Must Everything Change? Part III

In my last post, I ended by introducing what McLaren calls the "Suicidal Machine." The Machine is an image he uses that says the earth is a "machine" made up of three intertwined wheels that propel society: equity, prosperity and security. The machine consumes energy, mostly from the primary energy source of the sun and produces waste and heat. It is a very impersonal image, but through a very detailed discussion, he gets his point across.

He also introduces the idea of a "framing story," which guides humans, individually and collectively. Another way of describing this guiding paradigm could be a sort of "worldview." McLaren believes that the current framing story of the majority of society (he focuses on the American and North) is destructive, weak, unrealistic and dangerous and is consequently sending "the machine" on a suicide mission. If our framing story tells us that the goal of life is to live as individuals who can accumulate an abundance of possessions, experience maximum pleasure in a maximum number of years on earth at whatever the cost to those around us (child or slave laborers produce some of our possessions). McLaren also believes that our framing story has become subject to an excessive over-confidence in ourselves and our nation-state, as he tells brief stories of wars from the past 60 years.

Specifically for Christians, McLaren maintains that the incomplete and fractured framing story of our day has caused us to focus too much on "me" and "my spiritual life" and "my eternal destiny" and has neglected the injustices in our world including systemic poverty, propensity to use violence rather than peace, ecological destruction, overconsumption and corporate greed. McLaren believes that our understanding of the "good news" has lost its inherent truth: that it's the best news. He argues that the framing story that drives us day by day has lost the holistic and hopeful perspective that the good news is about making a better world and helping individuals find abundant life.

McLaren necessarily takes this framing story idea into his initial operating questions: Is it possible that at the heart and life and message of Jesus was an attempt to expose, challenge, confront, transform and replace the unhealthy framing stories of his day?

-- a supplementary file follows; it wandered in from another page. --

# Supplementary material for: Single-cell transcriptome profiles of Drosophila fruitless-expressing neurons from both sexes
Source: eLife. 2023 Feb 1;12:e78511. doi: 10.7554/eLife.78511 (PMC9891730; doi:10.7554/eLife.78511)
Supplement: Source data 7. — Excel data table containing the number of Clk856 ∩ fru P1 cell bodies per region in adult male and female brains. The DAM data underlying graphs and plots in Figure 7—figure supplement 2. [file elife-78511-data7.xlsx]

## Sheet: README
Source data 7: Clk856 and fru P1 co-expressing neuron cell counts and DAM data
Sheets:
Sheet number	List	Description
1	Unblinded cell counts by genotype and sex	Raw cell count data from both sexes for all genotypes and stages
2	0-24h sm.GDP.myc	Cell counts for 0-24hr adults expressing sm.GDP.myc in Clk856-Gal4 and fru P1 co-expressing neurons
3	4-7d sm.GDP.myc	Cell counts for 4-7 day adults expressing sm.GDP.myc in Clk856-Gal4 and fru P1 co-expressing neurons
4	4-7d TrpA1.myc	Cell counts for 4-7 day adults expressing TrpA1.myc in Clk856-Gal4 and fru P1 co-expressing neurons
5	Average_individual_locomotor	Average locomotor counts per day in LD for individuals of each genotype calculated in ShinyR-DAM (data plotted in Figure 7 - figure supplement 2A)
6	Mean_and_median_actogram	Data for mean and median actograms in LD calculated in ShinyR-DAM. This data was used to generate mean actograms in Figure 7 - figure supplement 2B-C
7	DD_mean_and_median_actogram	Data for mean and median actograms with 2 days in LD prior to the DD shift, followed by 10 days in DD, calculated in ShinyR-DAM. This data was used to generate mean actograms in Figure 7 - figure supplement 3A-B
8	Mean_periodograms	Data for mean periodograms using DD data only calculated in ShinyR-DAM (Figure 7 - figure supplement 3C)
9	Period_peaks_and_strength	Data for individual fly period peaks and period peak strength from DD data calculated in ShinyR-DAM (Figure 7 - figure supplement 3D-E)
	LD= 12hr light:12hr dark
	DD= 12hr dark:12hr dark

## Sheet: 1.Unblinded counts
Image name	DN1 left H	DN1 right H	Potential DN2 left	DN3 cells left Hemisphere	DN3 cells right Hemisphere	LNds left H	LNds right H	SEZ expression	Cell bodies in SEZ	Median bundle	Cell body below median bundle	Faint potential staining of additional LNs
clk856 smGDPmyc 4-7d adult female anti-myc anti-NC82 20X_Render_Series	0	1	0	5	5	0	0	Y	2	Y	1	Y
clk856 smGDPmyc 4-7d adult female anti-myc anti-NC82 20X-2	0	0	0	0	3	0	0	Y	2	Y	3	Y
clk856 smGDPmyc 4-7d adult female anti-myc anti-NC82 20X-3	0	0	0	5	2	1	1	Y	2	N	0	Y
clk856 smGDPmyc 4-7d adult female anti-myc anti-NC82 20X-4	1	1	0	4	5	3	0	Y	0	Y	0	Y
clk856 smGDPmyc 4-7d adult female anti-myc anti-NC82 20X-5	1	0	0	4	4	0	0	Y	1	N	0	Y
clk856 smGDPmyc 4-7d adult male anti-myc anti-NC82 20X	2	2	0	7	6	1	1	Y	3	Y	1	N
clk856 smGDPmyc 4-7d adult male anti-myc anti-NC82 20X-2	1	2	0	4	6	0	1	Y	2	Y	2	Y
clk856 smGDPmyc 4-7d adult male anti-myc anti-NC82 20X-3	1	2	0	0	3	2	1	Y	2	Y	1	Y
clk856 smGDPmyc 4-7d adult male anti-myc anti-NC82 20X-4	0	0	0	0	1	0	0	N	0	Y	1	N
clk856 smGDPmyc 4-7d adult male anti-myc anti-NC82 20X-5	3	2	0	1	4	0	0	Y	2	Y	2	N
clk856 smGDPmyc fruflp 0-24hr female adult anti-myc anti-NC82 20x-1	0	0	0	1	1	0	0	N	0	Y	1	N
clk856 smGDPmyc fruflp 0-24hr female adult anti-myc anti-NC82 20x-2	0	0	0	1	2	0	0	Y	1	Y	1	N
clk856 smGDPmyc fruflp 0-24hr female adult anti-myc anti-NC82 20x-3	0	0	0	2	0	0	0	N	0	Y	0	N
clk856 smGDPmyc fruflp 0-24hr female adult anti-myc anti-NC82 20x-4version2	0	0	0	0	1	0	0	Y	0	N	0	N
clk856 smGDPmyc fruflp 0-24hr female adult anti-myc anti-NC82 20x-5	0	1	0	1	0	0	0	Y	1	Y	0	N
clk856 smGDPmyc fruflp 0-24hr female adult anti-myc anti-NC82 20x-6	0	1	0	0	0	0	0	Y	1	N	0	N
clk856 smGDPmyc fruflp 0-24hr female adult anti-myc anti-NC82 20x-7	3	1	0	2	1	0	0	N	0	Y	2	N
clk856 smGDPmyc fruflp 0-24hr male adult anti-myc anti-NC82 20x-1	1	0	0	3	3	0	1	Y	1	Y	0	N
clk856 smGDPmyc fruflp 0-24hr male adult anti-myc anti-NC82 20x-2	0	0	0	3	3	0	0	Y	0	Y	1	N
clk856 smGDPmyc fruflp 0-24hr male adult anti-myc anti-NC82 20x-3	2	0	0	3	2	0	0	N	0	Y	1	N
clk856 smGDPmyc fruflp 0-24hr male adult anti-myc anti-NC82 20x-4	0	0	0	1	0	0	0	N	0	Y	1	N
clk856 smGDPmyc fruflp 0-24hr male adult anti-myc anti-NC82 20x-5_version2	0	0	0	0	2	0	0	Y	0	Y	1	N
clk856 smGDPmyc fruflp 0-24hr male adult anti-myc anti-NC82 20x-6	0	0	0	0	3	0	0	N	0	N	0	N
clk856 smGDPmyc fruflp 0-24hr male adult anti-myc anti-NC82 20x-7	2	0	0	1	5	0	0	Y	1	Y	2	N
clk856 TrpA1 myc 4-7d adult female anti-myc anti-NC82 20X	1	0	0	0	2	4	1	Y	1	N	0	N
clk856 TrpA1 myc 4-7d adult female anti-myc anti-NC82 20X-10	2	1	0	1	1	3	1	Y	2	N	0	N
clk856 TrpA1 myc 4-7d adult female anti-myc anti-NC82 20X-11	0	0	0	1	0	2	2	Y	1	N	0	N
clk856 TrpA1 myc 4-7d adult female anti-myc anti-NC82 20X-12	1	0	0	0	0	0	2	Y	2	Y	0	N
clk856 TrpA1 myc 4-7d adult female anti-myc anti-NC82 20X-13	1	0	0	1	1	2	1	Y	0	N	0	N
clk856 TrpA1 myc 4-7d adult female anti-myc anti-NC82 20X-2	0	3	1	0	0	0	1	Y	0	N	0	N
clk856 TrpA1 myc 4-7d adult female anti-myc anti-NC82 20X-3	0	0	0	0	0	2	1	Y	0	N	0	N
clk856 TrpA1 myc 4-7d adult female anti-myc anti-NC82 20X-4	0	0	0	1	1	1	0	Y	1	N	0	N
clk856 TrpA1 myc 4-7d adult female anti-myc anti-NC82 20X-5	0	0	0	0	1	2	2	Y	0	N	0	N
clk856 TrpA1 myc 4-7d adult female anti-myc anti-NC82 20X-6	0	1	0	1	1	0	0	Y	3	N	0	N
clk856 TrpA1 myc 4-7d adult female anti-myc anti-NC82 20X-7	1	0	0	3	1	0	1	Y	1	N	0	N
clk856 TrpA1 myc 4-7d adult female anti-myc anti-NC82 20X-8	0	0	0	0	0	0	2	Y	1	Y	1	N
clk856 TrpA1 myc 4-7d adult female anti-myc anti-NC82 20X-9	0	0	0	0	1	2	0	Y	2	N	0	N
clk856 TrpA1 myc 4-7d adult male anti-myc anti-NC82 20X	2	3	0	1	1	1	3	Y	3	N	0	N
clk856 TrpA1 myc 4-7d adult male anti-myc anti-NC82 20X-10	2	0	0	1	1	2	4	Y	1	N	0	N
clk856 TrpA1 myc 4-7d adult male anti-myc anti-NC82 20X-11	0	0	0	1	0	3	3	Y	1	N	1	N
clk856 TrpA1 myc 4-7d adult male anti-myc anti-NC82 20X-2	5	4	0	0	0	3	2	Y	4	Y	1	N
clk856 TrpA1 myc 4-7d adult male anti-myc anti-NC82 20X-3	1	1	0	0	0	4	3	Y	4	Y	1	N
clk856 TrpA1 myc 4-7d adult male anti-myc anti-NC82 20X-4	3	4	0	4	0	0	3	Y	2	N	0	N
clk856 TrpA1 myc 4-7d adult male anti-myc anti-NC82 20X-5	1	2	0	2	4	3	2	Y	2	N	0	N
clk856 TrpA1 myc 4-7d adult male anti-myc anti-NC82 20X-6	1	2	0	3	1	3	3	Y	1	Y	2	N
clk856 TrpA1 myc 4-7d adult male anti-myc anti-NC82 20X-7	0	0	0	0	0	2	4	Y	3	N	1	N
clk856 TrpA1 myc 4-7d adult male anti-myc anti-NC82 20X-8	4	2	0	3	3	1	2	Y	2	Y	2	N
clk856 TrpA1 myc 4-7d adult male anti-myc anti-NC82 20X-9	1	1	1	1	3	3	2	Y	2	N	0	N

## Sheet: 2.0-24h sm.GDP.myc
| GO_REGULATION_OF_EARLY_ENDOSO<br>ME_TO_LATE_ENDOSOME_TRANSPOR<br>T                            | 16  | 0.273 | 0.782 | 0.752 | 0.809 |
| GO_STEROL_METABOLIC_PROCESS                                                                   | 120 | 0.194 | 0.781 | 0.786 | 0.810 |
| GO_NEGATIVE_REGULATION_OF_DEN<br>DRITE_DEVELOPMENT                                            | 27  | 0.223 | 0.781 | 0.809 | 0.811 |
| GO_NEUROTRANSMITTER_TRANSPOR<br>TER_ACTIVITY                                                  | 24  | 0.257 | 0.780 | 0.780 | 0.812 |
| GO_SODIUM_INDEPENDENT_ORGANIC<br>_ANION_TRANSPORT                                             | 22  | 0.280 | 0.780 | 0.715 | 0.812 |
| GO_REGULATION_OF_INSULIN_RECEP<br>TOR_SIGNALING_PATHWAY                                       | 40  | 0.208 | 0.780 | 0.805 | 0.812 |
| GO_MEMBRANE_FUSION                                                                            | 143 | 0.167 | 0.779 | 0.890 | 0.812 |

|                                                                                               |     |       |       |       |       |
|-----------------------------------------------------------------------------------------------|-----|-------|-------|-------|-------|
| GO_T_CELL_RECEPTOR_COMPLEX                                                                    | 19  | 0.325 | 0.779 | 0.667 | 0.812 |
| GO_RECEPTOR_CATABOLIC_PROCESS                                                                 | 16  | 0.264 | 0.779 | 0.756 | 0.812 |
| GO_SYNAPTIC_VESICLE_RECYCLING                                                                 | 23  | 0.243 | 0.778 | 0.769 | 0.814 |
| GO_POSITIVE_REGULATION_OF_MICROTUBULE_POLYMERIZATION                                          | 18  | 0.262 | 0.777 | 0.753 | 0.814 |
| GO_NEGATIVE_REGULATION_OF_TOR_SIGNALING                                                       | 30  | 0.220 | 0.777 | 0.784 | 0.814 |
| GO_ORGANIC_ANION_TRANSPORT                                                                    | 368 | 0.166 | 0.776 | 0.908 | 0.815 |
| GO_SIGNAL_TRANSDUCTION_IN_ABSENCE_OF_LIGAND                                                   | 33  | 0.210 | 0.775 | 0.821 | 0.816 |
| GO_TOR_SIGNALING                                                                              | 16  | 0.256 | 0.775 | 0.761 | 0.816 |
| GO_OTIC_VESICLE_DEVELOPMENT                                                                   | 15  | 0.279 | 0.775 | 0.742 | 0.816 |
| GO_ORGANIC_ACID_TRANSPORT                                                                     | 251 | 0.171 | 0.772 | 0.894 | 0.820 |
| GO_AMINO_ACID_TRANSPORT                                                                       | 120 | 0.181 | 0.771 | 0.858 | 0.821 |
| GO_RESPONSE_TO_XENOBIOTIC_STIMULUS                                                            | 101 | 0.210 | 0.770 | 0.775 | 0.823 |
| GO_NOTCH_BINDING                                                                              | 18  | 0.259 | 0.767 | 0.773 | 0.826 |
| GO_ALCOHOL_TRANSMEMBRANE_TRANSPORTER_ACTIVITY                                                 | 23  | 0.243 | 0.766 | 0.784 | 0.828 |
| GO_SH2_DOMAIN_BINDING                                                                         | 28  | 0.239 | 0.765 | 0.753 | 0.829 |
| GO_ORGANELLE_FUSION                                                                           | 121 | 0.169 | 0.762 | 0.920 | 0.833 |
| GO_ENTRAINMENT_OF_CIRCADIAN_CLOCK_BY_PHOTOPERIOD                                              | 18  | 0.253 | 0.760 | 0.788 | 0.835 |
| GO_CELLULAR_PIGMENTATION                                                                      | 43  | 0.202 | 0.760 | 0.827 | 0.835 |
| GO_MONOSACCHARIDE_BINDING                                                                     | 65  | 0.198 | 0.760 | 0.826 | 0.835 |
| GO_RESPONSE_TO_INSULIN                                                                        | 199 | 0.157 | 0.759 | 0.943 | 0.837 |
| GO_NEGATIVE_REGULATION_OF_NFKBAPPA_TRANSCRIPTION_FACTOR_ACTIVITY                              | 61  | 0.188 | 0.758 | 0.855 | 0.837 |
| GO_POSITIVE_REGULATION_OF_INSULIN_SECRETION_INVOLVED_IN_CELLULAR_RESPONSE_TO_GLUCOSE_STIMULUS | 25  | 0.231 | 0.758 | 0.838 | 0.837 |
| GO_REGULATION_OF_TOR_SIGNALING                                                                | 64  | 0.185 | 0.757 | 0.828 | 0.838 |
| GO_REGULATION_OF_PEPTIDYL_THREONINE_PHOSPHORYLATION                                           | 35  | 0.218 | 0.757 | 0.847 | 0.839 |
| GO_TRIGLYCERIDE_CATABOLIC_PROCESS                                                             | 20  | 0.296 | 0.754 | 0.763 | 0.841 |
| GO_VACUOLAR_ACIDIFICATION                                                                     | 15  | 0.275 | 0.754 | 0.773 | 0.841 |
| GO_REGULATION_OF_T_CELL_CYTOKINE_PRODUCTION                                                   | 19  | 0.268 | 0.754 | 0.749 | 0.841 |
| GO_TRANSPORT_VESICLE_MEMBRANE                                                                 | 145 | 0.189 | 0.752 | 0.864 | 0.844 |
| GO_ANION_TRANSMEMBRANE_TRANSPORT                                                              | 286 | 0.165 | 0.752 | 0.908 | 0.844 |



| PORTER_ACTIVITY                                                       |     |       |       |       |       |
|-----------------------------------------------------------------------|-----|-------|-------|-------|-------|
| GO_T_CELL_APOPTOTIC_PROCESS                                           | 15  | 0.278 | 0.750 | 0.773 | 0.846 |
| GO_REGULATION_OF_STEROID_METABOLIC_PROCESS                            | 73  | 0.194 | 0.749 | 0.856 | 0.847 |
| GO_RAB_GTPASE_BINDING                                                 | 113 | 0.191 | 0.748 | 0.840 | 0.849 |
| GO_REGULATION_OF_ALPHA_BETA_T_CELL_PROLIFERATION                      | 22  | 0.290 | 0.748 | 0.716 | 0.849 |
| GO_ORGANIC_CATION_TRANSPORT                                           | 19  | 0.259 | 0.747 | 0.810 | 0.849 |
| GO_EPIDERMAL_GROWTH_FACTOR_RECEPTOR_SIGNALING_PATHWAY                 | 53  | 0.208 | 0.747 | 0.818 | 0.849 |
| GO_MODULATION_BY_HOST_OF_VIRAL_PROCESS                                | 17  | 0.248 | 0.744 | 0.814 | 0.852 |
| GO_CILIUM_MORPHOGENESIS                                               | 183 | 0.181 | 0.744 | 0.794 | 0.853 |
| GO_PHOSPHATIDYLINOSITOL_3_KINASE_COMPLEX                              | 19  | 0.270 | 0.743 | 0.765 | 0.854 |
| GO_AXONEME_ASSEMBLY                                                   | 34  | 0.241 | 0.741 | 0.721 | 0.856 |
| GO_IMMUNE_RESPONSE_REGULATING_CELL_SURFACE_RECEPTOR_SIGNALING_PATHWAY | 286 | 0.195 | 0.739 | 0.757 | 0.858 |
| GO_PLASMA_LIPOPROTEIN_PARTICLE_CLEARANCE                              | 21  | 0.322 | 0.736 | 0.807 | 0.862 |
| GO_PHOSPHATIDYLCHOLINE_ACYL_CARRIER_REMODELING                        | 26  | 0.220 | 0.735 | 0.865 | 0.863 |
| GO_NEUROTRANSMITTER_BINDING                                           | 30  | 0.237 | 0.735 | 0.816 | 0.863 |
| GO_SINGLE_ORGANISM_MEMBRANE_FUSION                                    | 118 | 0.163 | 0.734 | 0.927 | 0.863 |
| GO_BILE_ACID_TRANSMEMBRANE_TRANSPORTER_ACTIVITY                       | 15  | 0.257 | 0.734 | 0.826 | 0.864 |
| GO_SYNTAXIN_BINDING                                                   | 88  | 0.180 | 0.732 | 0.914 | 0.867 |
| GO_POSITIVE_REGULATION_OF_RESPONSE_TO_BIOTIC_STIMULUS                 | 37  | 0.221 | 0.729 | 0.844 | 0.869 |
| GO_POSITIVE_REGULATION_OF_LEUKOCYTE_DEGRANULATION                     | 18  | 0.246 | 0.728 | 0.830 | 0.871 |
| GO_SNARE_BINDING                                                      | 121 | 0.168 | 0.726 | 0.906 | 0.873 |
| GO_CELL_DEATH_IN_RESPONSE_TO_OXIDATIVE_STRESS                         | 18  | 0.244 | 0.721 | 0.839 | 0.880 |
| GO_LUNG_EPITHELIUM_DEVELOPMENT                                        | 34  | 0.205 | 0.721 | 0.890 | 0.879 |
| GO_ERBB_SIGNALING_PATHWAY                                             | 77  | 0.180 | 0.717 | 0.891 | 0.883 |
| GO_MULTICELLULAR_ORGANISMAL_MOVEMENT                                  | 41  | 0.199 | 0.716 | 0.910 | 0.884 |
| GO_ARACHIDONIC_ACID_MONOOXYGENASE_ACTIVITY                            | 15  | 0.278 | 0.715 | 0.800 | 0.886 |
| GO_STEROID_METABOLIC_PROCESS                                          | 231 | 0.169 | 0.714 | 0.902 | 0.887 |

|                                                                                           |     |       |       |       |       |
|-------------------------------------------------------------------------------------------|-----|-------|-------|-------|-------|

I do believe that in many local churches in America we have softened the message of Jesus. Jesus was living in an intensely, politically-charged era, where the Roman empire had incredible influence on Jewish society. That influence along with a selfish reading of the holy text caused many Jewish teachers to lead the people down a path of destruction rather than life. Many Christians, when reading his language of a "suicidal mission" may respond "well, of course!" McLaren believes many Christians have a sort of religious, death-wish: the world is going to keep getting worse and I can't wait for that day, because Jesus will come back and I get to escape it all. This belief hinges on our interpretations of Scripture. Obviously, he has different interpretations than many traditional denominations.

I agree with McLaren on this point, although he only says it implicitly: much of the Christian community has stronger allegiances with the American "empire" and has become corrupted in our thinking, driven by the same worldly pursuits and idealogies that "the suicidal machine's" framing story is teaching. Is McLaren preaching too much of a social gospel? That, I do not know. I've only reviewed a quarter of the book! I don't think that is the point, though some would disagree (those who say he is a heretic, a false teacher). I believe that prophetic, challenging truth is found in his writing and I plan to continue reviewing...


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